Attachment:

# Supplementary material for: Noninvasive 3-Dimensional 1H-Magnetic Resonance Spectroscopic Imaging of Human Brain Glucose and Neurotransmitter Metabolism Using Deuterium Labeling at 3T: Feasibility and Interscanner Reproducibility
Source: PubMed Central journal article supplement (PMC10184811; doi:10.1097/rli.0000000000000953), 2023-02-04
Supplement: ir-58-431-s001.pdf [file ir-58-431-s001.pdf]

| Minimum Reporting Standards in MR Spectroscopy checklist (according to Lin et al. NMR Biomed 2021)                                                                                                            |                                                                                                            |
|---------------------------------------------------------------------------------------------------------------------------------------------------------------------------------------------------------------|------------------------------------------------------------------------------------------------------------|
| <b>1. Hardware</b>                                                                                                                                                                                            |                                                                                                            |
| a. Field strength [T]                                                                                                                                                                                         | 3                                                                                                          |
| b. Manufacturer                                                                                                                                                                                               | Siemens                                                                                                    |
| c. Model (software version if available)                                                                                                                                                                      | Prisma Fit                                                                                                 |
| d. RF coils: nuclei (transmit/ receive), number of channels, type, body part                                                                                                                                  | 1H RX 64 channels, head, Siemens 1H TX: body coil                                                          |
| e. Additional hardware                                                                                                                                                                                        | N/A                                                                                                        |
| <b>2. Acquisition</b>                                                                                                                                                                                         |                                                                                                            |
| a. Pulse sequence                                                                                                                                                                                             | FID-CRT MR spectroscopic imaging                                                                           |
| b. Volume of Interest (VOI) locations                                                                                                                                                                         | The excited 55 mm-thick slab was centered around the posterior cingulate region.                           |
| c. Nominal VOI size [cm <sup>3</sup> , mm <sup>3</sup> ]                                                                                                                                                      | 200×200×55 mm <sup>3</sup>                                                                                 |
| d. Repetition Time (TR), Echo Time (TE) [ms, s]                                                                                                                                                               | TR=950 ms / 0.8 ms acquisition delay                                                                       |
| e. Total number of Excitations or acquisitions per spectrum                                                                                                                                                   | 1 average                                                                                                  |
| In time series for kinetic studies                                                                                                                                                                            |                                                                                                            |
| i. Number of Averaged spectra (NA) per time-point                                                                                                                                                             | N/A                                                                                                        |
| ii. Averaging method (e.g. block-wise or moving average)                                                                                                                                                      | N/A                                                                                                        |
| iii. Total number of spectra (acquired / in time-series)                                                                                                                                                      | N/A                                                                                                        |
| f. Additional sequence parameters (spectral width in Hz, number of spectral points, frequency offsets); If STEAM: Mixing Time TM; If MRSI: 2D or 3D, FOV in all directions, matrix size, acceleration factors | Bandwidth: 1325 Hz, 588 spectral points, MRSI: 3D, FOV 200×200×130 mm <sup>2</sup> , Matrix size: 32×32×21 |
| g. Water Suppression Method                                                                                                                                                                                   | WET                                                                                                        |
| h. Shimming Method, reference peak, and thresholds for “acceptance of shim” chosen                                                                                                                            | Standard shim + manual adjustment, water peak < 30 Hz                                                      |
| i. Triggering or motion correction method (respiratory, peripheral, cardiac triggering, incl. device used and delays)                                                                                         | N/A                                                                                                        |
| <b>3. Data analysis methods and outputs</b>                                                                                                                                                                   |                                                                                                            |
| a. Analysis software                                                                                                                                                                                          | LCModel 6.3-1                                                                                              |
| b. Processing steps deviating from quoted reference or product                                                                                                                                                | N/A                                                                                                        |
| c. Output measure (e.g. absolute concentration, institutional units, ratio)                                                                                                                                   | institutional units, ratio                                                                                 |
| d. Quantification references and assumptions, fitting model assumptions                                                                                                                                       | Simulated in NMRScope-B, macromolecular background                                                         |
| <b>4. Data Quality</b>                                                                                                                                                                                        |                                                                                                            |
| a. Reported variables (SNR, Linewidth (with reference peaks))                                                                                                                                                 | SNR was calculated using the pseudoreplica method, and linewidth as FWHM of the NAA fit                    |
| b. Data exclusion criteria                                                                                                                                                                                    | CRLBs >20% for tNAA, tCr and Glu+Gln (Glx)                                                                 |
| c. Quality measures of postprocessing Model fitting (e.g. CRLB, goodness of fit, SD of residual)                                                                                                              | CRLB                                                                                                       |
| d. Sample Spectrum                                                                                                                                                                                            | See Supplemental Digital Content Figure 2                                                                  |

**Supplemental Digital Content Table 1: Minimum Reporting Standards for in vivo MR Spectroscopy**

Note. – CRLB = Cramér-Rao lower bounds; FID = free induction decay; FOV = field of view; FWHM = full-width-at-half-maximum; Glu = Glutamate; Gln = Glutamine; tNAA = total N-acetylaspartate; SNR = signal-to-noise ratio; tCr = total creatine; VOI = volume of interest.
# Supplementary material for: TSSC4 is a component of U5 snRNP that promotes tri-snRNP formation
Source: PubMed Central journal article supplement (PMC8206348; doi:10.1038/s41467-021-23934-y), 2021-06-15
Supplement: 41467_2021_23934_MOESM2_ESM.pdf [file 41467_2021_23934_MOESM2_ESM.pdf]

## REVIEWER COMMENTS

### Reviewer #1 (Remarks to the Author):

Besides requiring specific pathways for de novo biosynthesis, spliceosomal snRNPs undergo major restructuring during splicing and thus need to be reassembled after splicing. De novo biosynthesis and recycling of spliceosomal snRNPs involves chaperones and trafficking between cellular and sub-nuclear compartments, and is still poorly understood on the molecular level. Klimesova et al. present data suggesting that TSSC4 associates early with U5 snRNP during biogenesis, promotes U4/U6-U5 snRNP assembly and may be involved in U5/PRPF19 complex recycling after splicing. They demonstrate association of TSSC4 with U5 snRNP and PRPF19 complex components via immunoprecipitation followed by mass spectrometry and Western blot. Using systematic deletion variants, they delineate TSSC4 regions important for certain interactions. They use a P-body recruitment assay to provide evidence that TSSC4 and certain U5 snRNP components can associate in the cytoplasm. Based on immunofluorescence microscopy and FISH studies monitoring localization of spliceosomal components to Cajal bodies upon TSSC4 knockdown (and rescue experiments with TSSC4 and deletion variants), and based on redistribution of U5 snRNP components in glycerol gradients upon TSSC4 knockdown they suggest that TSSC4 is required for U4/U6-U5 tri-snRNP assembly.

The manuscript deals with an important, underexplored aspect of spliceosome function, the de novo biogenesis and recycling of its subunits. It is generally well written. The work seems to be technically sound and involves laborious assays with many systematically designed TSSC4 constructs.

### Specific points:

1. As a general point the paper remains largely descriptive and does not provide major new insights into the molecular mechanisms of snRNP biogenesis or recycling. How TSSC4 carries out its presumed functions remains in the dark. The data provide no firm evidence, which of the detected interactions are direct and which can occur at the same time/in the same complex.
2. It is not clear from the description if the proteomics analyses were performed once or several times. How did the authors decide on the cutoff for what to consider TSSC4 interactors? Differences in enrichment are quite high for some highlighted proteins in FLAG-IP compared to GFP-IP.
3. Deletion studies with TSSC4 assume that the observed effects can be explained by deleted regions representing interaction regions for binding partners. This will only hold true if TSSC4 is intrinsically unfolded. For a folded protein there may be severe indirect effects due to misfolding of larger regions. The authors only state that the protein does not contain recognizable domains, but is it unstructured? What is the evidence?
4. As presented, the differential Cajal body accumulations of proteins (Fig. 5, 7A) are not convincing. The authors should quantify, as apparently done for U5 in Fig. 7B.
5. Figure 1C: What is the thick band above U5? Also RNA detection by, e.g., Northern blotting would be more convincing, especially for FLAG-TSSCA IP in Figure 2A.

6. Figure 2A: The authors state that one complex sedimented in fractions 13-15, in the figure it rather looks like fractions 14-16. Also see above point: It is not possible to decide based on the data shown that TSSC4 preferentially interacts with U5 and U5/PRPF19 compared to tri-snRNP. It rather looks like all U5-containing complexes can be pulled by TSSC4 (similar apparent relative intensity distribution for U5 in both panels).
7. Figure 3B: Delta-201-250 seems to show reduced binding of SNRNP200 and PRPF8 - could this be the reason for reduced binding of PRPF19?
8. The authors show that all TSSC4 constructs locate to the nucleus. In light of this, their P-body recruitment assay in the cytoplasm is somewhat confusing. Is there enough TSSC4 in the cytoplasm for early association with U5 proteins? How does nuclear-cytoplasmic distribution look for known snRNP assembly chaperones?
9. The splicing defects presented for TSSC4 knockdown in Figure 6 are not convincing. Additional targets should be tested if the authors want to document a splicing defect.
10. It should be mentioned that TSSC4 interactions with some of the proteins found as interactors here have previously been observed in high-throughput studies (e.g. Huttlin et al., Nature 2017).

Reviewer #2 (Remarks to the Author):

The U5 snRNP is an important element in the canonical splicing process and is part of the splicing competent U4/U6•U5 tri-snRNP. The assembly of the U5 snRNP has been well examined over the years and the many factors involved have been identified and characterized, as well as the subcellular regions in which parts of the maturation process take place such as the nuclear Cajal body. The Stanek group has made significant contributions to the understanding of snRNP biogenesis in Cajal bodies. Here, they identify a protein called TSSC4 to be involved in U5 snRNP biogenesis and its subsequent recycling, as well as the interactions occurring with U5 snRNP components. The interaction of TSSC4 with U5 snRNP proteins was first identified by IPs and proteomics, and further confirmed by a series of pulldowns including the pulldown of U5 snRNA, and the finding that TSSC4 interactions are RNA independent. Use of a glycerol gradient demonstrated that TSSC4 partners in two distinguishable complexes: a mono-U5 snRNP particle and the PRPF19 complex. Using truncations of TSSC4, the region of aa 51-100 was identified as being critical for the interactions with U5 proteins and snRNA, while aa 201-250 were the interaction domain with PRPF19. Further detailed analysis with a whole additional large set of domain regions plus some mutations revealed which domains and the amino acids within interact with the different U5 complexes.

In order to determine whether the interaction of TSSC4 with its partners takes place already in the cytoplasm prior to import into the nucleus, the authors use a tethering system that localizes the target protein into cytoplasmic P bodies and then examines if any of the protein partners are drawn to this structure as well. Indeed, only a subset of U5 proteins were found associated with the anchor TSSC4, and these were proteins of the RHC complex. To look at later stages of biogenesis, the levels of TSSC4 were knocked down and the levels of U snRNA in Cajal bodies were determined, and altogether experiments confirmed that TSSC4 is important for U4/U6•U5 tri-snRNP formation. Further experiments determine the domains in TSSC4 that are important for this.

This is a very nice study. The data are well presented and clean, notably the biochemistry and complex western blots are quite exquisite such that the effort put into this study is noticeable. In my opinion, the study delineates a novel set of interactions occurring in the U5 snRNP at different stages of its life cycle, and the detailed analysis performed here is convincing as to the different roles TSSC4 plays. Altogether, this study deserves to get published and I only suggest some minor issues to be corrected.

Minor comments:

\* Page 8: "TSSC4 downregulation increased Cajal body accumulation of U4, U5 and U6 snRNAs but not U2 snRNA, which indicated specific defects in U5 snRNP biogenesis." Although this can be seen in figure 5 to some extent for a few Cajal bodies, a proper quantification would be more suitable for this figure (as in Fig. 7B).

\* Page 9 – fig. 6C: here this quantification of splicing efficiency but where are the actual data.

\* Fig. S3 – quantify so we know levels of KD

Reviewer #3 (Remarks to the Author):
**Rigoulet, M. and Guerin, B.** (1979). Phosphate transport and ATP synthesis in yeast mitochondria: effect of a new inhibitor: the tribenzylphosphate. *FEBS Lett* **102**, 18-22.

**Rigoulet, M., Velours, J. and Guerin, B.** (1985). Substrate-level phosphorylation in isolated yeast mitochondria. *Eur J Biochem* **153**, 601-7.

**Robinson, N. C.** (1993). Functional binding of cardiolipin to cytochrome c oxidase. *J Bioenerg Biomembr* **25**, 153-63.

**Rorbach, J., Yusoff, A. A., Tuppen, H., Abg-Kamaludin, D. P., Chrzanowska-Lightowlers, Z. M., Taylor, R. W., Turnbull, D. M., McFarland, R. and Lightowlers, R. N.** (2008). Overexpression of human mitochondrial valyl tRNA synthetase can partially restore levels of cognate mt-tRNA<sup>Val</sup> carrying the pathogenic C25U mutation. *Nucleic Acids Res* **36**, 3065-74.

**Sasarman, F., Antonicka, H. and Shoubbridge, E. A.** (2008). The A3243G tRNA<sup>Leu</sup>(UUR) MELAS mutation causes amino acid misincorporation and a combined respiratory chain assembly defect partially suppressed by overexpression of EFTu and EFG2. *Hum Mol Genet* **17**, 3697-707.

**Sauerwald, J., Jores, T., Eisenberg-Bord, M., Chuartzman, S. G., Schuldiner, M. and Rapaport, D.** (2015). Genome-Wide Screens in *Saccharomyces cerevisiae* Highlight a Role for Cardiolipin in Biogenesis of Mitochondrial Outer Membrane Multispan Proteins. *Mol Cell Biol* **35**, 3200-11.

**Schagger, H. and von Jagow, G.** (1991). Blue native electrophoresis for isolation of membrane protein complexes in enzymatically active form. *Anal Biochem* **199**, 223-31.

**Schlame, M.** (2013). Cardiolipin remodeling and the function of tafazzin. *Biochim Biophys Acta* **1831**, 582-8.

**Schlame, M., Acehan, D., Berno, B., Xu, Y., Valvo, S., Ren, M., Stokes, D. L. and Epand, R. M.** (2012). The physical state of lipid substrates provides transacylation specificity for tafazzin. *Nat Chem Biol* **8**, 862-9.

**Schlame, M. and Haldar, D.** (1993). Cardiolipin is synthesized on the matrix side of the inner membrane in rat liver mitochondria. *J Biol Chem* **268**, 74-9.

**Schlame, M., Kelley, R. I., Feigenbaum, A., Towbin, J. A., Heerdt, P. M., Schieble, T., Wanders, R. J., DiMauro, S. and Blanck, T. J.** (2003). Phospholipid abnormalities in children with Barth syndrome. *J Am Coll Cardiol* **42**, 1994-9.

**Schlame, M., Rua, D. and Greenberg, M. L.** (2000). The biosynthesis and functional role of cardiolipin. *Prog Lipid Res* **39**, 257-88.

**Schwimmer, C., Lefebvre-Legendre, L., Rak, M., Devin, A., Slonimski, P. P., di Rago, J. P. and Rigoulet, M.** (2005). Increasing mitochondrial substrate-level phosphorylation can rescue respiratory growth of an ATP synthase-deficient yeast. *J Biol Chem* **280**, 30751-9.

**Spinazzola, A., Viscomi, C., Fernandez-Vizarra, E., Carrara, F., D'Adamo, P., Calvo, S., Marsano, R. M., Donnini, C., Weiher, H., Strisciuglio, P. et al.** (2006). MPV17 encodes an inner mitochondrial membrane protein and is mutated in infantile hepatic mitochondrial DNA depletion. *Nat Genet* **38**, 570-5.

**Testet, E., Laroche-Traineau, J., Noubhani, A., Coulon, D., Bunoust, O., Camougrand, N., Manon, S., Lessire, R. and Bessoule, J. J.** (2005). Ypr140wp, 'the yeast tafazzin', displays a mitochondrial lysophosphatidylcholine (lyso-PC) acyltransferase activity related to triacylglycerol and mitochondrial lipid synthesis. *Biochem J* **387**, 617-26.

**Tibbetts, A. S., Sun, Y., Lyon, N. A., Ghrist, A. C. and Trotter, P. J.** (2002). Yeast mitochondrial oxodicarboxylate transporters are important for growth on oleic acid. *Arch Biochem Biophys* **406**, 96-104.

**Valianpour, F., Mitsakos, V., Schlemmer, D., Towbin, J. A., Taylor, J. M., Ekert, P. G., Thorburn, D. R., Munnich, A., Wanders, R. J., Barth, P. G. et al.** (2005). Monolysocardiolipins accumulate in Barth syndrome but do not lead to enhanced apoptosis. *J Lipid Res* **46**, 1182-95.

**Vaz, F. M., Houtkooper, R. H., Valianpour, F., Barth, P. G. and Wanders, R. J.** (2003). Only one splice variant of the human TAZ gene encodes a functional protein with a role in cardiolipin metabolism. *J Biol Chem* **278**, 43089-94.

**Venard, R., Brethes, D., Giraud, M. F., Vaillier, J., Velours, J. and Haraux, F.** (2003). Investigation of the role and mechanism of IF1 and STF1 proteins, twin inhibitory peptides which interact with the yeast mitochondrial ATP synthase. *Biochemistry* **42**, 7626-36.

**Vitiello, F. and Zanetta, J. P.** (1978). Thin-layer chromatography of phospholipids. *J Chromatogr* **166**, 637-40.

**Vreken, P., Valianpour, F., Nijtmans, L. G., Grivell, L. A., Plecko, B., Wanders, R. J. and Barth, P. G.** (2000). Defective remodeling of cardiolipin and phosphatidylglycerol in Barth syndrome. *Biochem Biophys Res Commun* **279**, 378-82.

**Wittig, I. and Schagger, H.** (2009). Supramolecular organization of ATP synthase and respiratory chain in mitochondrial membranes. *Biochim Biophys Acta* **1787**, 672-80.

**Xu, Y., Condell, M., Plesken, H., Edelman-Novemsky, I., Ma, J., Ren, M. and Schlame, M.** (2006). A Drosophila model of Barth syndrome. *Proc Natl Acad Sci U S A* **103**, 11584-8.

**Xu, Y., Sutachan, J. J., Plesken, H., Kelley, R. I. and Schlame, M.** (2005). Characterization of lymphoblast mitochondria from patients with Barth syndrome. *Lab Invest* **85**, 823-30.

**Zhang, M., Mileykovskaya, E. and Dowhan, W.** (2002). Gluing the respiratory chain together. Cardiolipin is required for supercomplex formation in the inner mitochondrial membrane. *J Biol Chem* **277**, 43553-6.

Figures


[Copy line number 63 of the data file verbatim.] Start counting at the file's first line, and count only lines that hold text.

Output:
\* Fig. S3 – quantify so we know levels of KD